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Fewer people quitting through smoking cessation services

The number of smokers who successfully quit through the NHS smoking cessation services has tumbled for the fourth consecutive year, official statistics show.

The number of people who managed to quit the habit between April 2015 and March 2016 fell to 195,170 – a fall of 15% on 2014/2015 figures.

Meanwhile the number of smokers who set a quit date through NHS Stop Smoking Services in 2015/16 also fell for the fourth consecutive year to 382,500, according to the new figures from NHS Digital.

The West Midlands had the highest number of quitters at 3,300 per 100,000 smokers while Yorkshire and the Humber had the lowest at 1,900 per 100,000.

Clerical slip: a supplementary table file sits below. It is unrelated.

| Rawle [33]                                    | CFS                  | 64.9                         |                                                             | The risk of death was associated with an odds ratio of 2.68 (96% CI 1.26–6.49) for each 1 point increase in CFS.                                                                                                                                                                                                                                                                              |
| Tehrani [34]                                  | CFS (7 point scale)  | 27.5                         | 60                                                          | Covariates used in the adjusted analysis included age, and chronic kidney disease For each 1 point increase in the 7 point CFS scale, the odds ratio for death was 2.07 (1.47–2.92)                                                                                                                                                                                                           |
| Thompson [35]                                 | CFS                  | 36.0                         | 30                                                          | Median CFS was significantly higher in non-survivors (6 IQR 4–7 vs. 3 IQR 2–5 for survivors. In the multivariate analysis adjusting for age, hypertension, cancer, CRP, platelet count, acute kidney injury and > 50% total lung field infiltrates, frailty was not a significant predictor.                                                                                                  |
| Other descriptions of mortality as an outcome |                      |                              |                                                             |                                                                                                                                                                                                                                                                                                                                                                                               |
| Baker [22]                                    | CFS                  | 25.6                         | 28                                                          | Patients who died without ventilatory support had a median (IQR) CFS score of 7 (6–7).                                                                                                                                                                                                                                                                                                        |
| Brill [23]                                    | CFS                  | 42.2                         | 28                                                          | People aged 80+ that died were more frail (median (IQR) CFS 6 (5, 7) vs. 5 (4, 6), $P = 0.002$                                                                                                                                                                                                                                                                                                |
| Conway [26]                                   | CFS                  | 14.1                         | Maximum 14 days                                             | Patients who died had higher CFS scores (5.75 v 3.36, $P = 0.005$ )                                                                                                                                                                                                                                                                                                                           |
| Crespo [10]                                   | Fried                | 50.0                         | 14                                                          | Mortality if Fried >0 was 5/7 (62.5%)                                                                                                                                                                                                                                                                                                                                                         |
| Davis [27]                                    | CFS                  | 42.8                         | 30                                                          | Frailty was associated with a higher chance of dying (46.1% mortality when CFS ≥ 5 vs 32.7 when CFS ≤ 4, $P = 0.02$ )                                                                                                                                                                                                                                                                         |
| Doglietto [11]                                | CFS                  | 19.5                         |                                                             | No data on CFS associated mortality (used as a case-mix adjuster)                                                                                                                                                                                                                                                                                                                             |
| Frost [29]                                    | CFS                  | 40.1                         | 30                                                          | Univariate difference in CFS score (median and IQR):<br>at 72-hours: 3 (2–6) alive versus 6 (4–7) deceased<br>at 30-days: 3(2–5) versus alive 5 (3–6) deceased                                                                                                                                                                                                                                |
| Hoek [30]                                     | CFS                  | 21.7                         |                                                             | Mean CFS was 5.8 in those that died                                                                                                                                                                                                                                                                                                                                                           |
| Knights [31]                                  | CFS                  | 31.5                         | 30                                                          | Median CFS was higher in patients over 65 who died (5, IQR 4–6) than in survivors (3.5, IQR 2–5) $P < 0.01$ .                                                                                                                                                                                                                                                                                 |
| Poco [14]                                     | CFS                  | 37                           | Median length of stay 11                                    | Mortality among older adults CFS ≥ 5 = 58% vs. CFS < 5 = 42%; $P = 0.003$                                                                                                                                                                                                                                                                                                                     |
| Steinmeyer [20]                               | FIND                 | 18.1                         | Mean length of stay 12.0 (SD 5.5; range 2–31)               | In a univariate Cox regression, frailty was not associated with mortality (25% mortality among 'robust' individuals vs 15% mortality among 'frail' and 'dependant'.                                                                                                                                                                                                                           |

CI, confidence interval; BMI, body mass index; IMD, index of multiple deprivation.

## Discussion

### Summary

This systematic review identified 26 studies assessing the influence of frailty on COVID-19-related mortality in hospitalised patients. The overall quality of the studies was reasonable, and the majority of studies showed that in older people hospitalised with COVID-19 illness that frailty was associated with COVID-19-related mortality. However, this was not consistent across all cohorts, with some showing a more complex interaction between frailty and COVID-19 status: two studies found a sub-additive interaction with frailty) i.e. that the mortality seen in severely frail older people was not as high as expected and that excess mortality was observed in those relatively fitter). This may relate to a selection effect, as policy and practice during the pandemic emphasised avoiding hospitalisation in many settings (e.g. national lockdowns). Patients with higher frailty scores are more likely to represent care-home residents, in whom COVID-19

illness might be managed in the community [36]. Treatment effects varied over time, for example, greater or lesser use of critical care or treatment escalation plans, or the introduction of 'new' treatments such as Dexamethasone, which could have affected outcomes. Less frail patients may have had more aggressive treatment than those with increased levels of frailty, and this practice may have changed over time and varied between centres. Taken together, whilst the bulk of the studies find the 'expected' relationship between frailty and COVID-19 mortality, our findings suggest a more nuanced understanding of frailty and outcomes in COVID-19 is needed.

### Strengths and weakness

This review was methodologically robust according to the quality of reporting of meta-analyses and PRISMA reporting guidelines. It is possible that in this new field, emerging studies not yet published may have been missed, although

The results revealed that success increases with age: 43% of those aged under 18 successfully quit compared to 57% of those aged 60 and over.

NHS Digital – the new name for the Health and Social Care Information Centre – blames the fall in use of NHS Stop Smoking Services on the increased use of e-cigarettes ‘which have become widely available’ as a possible factor.

It also states that the ‘fall in smoking prevalence’ may also be contributing to the decline in use of cessation services.

However, there have been repeated warnings that funding cut-backs have hit smoking cessation services and have directly led to fewer smokers quitting.

In March Pulse reported that local councils were making cutbacks to essential services, such as smoking cessation.

Dr Alex Bobak, a GPSI in smoking cessation at Wandsworth Medical Centre, south London, warned that smoking cessation service cuts would mean ‘far fewer people will stop smoking’.




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